With the launch of the NIH Precision Medicine Initiative more research attention will be focused on accelerating the pace of treatments tailored to the individual and his or her medical condition. Companies benefit economically from the use of companion diagnostics by using genetic and biochemical biomarkers to select patients in clinical trials who are more likely to benefit from the drug and thus obtain regulatory approval. These niche markets can also command higher prices for the drugs. Companion diagnostics have been an important component in the rise of personalized medicine and will likely increase in use. Gleevec® and Herceptin® stand out as early commercial successes in this market niche. Companies have economic incentives to utilize companion diagnostics in the development of new drugs. By 2012, FDA had approved 63 companion diagnostics with oncology as the largest segment. Other market segments continue to grow with recent approvals of companion diagnostics for Kalydeco® for cystic fibrosis, Selzentry® targeted to particular HIV co-receptor tropism, and Increlex® for severe growth failure. There are approximately 100 drugs in Phase II, III and IV clinical trials utilizing diagnostic outcome measures or inclusion/exclusion criteria. A similar trend trend is emerging with the European Medicines Agency (EMA). (Agarwal, Ressler and Synder, The current and future state of companion diagnostics, Pharmacogenomics and Personalized Medicine 2015: 8, 99-110).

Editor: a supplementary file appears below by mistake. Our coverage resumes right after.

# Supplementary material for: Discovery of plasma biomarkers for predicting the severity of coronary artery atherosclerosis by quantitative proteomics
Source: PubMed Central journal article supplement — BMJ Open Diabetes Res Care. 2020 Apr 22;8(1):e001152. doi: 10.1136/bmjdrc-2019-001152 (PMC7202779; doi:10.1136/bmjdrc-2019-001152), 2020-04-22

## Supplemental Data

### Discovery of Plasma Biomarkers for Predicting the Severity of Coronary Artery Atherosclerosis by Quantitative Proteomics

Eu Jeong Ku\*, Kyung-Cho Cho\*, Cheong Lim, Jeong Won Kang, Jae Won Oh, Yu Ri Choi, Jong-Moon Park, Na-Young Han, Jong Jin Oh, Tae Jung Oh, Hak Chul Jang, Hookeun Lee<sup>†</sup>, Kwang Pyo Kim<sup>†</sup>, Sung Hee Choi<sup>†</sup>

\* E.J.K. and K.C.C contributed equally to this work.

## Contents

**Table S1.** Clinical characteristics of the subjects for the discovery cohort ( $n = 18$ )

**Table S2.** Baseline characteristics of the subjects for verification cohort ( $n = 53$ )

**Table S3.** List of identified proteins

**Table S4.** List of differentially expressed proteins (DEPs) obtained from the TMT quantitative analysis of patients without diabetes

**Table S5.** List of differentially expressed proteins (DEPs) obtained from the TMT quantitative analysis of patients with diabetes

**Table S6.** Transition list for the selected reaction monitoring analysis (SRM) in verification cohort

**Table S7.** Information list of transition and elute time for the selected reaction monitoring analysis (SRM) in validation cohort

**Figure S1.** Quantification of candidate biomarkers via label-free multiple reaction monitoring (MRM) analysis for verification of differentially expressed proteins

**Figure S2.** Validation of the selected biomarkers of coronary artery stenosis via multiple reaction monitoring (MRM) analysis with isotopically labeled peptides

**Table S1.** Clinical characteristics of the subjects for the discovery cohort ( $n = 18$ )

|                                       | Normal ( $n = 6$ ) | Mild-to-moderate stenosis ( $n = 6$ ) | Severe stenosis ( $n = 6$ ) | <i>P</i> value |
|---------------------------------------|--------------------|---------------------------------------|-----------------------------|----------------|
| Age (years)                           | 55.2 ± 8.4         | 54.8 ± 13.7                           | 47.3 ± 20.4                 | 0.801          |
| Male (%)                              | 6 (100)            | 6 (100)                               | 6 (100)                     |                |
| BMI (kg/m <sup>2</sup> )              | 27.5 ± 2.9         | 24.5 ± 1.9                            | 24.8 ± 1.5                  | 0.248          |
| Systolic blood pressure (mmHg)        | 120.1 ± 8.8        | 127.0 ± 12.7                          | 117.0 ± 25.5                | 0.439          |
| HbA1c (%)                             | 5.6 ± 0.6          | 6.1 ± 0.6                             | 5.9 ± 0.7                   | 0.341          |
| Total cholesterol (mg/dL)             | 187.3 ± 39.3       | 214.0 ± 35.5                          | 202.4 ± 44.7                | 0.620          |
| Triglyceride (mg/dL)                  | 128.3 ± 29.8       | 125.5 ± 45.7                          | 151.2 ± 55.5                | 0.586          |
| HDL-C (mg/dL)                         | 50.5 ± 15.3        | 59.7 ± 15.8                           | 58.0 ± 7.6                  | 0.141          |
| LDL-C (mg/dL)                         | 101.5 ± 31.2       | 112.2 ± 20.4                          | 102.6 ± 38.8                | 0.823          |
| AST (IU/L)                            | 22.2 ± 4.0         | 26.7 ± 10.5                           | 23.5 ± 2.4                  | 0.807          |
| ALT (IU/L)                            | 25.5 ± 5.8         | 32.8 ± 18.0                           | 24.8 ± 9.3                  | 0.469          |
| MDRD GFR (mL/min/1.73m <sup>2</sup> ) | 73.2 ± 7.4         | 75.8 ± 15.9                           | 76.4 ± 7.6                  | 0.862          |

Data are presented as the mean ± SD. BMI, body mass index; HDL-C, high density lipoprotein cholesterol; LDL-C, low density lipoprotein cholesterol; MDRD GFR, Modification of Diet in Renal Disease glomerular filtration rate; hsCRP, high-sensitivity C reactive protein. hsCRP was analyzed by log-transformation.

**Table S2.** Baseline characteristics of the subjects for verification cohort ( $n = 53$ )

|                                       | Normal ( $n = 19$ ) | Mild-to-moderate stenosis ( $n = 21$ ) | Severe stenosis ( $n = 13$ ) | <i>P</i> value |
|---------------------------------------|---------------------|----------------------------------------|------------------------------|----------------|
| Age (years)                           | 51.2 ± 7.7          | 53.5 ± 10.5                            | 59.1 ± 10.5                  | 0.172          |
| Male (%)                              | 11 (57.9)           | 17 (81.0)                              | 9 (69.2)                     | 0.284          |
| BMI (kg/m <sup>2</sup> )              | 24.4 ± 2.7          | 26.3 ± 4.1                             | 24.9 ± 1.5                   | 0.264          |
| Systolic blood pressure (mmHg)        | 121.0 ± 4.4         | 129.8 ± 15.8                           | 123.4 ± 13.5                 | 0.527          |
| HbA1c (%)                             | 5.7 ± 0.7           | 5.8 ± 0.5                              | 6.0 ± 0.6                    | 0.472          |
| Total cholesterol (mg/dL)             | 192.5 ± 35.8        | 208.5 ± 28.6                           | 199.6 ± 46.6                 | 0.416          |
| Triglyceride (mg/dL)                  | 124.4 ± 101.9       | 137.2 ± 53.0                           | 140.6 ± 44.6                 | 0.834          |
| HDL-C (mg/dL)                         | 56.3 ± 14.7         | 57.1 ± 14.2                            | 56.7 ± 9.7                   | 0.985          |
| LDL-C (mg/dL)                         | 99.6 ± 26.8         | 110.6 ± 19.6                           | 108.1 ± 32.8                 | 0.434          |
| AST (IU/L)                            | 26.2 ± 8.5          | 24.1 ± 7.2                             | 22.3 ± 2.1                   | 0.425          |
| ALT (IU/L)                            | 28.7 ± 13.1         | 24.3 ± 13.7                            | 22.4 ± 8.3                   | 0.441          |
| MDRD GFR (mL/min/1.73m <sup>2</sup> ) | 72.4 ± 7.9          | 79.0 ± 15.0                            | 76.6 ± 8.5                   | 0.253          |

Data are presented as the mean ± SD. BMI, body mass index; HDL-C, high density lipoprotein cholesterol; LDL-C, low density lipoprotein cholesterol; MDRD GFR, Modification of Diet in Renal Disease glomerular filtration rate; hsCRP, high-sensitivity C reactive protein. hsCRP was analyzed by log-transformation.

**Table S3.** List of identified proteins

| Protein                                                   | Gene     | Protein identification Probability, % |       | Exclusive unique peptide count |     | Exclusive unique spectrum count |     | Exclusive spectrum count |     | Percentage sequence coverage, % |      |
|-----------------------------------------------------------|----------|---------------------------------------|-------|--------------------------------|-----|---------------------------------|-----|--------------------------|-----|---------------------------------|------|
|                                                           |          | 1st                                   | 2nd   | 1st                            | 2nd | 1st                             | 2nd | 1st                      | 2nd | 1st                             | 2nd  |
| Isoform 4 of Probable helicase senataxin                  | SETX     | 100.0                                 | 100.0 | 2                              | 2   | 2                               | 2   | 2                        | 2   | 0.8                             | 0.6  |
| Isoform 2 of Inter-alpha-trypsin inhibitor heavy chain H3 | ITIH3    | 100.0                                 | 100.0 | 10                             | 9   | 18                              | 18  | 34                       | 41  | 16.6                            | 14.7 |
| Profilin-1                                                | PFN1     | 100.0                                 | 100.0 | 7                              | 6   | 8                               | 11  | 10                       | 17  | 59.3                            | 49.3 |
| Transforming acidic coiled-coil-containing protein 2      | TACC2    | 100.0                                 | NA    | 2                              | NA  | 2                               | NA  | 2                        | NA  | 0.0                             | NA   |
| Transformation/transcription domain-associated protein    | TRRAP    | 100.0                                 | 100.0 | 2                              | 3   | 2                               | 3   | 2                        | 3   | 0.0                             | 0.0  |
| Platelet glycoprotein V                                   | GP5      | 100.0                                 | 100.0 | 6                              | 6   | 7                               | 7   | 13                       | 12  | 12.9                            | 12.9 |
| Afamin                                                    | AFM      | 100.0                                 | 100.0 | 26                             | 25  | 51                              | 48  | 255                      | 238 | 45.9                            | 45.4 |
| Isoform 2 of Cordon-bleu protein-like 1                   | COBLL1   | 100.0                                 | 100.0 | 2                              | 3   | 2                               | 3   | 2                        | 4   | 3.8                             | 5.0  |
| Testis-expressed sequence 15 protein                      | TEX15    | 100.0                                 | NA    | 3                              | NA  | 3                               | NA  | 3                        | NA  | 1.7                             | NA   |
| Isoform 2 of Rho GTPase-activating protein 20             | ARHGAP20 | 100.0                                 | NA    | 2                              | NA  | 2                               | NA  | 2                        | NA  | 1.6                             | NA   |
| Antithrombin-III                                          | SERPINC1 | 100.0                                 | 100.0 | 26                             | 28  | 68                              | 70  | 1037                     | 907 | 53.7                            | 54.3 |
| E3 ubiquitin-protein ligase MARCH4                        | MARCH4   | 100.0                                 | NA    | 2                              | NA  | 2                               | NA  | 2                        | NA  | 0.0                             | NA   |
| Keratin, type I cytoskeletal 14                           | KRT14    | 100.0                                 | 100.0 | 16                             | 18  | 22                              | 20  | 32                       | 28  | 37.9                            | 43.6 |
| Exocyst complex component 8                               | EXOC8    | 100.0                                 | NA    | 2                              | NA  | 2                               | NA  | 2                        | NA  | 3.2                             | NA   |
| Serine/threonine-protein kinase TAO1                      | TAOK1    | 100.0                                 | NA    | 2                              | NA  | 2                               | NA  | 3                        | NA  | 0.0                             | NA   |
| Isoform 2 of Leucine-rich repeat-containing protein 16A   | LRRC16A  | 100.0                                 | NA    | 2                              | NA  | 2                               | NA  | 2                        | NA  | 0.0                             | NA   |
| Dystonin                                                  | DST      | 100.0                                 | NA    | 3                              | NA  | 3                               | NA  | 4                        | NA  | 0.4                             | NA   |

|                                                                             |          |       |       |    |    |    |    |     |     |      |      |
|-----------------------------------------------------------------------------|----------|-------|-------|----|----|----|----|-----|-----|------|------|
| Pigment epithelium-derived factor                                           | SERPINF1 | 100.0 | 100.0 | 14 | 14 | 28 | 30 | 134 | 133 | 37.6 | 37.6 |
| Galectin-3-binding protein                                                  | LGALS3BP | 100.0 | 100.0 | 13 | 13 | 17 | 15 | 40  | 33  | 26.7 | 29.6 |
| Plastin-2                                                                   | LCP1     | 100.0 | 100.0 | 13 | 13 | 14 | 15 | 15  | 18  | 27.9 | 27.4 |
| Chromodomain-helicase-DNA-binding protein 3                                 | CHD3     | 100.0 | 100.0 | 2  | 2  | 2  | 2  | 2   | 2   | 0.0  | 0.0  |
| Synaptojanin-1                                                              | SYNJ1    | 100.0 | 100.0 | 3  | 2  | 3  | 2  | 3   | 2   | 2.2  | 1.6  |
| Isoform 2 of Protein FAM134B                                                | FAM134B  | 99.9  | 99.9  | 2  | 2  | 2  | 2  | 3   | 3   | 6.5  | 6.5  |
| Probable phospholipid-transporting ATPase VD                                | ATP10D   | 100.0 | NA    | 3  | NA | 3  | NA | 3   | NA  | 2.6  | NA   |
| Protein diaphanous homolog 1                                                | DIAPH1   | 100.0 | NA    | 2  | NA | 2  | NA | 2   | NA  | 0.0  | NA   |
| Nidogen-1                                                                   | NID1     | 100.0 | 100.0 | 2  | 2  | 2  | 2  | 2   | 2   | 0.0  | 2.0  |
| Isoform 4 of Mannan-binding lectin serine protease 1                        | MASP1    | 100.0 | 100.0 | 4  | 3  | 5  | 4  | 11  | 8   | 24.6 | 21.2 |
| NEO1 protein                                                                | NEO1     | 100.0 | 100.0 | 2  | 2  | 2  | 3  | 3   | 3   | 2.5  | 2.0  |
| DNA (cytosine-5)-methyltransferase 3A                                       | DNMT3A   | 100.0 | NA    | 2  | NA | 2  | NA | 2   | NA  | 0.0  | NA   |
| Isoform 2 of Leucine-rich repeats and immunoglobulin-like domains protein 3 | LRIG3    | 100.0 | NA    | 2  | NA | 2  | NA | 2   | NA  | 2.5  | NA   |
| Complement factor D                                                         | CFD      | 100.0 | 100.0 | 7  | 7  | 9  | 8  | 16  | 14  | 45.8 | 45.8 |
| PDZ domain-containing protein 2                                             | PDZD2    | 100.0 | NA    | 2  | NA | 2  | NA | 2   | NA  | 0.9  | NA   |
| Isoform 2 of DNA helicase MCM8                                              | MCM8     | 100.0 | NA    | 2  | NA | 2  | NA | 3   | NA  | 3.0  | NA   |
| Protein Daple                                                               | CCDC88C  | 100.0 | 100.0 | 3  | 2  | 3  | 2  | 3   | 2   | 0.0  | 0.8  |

The increase development activity of diagnostics/prognostics associated with personalized medicine has increased risk and cost for diagnostic companies. Unlike drug pricing where past failure is built into the pricing of approved drugs, reimbursement rates for diagnostics do not include higher rates to compensate for sunk costs when prior diagnostics or the drugs associated with their use fail to be approved. For prognostics associated with determining the risk of acquiring a disease, e.g. BRCA, insurance reimbursement is scarce unless the patient is symptomatic for the disease. Insurance providers, including those for Medicare Part B, determine whether the drug and diagnostic are “reasonable and necessary” and thus subject to reimbursement. The drugs can also be subject to formulary restrictions such as prior authorization or quantity limits and subject to varying levels of cost sharing with patients. Moreover, reimbursement for a co-developed diagnostic does not always follow reimbursement for the drug. This state of affairs may improve with the new Current Procedural Terminology (CPT) coding system with new codes for companion diagnostics, the partnering of some payers with commercial developers to identify biomarkers to improve patient recruitment, and implementing coverage with evidence development (CED) policies where clear clinical utility is lacking. (Cohen and Felix, Personalized medicine’s bottleneck: Diagnostic test evidence and reimbursement, J. Personalized Medicine 2014: 4, 163-175)